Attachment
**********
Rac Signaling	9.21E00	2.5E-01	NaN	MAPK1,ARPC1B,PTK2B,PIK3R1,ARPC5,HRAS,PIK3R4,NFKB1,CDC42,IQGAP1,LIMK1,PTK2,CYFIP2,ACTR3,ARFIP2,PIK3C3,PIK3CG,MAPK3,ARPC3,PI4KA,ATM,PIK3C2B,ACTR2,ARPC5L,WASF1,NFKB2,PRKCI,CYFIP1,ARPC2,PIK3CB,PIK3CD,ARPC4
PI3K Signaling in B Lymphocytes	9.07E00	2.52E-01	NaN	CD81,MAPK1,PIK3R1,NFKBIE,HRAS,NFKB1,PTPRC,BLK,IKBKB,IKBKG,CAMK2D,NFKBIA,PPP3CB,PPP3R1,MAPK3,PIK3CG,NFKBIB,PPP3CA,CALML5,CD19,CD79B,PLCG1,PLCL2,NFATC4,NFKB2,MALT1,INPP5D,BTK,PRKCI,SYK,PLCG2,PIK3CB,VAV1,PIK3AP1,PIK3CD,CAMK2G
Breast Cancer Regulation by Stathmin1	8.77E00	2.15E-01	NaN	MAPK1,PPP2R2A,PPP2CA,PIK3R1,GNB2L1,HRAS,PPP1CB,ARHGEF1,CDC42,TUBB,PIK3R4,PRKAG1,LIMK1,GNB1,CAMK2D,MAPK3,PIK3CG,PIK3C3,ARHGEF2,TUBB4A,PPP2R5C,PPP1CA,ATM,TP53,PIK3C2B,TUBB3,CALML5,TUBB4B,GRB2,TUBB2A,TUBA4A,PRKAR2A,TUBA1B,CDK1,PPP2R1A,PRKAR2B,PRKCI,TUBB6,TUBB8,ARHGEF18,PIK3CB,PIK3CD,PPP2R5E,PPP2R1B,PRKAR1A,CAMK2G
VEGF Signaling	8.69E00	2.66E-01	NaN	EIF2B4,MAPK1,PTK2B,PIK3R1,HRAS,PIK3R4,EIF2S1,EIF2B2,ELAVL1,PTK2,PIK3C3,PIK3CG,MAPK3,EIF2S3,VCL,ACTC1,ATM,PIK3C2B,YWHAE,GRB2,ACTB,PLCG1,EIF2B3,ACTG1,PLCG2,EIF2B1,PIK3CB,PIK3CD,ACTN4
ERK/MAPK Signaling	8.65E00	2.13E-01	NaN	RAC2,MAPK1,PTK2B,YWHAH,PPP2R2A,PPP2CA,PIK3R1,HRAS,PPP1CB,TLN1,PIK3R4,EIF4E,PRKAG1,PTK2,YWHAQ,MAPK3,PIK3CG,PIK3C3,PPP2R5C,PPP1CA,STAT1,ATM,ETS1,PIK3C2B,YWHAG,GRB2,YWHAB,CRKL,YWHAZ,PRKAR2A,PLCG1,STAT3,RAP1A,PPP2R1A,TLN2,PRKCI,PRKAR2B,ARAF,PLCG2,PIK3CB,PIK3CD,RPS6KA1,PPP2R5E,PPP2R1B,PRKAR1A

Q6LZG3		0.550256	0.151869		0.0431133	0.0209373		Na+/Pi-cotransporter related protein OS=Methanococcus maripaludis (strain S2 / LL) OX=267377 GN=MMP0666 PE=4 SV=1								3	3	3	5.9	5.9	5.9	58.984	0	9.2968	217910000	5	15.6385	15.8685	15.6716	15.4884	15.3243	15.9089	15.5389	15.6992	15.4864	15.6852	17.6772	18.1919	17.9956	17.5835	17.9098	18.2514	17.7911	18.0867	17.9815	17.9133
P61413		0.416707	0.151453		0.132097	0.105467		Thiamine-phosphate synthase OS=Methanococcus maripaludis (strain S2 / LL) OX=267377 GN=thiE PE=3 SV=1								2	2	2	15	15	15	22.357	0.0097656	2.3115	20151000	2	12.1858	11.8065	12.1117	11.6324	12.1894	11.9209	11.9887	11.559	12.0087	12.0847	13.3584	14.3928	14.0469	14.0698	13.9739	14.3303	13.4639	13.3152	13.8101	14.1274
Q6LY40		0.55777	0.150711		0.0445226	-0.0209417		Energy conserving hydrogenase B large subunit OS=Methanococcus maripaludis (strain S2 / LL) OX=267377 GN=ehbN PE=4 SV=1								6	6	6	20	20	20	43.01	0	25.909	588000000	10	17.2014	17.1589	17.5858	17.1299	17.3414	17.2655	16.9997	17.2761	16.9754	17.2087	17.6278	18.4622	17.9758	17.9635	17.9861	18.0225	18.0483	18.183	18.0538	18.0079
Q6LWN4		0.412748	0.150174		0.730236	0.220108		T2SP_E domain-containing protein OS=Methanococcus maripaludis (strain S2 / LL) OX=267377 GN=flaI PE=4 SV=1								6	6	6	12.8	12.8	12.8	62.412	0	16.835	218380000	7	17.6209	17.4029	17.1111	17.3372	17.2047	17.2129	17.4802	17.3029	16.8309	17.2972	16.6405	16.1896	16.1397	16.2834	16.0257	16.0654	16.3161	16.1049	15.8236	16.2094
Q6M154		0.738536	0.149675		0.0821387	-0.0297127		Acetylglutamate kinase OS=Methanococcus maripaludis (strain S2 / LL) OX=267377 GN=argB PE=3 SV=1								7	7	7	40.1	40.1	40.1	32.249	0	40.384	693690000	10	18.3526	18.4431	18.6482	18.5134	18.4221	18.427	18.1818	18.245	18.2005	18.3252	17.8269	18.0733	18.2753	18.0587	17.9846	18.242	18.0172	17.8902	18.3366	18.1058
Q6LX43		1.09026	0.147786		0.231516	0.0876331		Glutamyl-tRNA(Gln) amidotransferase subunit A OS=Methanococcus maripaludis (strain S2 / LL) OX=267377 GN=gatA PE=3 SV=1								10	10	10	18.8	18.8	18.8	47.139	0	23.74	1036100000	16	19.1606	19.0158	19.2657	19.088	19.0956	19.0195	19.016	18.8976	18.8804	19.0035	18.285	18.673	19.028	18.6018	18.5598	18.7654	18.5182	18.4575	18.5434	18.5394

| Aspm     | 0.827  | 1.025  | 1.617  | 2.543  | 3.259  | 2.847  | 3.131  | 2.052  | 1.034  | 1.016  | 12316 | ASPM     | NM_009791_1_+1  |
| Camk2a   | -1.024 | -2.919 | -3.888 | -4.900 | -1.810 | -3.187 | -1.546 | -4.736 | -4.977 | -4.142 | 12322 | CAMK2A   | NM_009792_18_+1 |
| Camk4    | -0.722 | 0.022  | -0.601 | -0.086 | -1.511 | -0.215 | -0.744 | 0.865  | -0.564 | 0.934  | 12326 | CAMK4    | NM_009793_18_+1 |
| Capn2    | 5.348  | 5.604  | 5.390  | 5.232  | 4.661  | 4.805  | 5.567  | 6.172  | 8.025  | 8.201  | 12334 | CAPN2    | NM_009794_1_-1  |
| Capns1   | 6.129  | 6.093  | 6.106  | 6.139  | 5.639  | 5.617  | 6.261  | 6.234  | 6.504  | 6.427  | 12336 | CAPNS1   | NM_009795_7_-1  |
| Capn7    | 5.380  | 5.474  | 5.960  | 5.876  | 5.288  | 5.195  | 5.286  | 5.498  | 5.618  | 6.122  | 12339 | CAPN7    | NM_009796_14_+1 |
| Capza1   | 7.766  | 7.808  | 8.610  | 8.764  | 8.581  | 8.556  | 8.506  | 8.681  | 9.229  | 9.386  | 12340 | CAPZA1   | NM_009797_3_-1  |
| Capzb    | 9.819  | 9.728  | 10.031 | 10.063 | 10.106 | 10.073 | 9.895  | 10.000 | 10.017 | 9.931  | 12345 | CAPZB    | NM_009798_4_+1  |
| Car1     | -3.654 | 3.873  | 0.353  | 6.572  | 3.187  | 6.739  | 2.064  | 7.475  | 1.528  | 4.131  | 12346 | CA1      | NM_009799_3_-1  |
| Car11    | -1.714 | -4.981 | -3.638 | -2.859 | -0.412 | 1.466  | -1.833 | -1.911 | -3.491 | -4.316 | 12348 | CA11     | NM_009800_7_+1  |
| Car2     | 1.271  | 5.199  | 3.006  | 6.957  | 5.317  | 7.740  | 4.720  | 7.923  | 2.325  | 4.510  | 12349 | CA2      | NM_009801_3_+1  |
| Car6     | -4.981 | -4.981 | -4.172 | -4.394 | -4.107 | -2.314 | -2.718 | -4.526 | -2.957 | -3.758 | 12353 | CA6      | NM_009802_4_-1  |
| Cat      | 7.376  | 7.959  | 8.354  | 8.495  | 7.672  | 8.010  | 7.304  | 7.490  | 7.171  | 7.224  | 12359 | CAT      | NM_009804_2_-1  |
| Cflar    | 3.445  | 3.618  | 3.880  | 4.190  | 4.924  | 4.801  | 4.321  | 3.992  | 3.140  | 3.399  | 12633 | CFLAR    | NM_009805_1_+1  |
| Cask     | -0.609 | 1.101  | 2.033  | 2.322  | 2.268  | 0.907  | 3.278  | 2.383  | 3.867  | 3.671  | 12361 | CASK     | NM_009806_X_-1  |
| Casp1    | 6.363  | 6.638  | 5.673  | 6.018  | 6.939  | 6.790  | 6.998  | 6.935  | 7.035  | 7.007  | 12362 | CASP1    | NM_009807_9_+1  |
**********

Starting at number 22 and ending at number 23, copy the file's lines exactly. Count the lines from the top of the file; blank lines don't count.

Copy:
| Car2     | 1.271  | 5.199  | 3.006  | 6.957  | 5.317  | 7.740  | 4.720  | 7.923  | 2.325  | 4.510  | 12349 | CA2      | NM_009801_3_+1  |
| Car6     | -4.981 | -4.981 | -4.172 | -4.394 | -4.107 | -2.314 | -2.718 | -4.526 | -2.957 | -3.758 | 12353 | CA6      | NM_009802_4_-1  |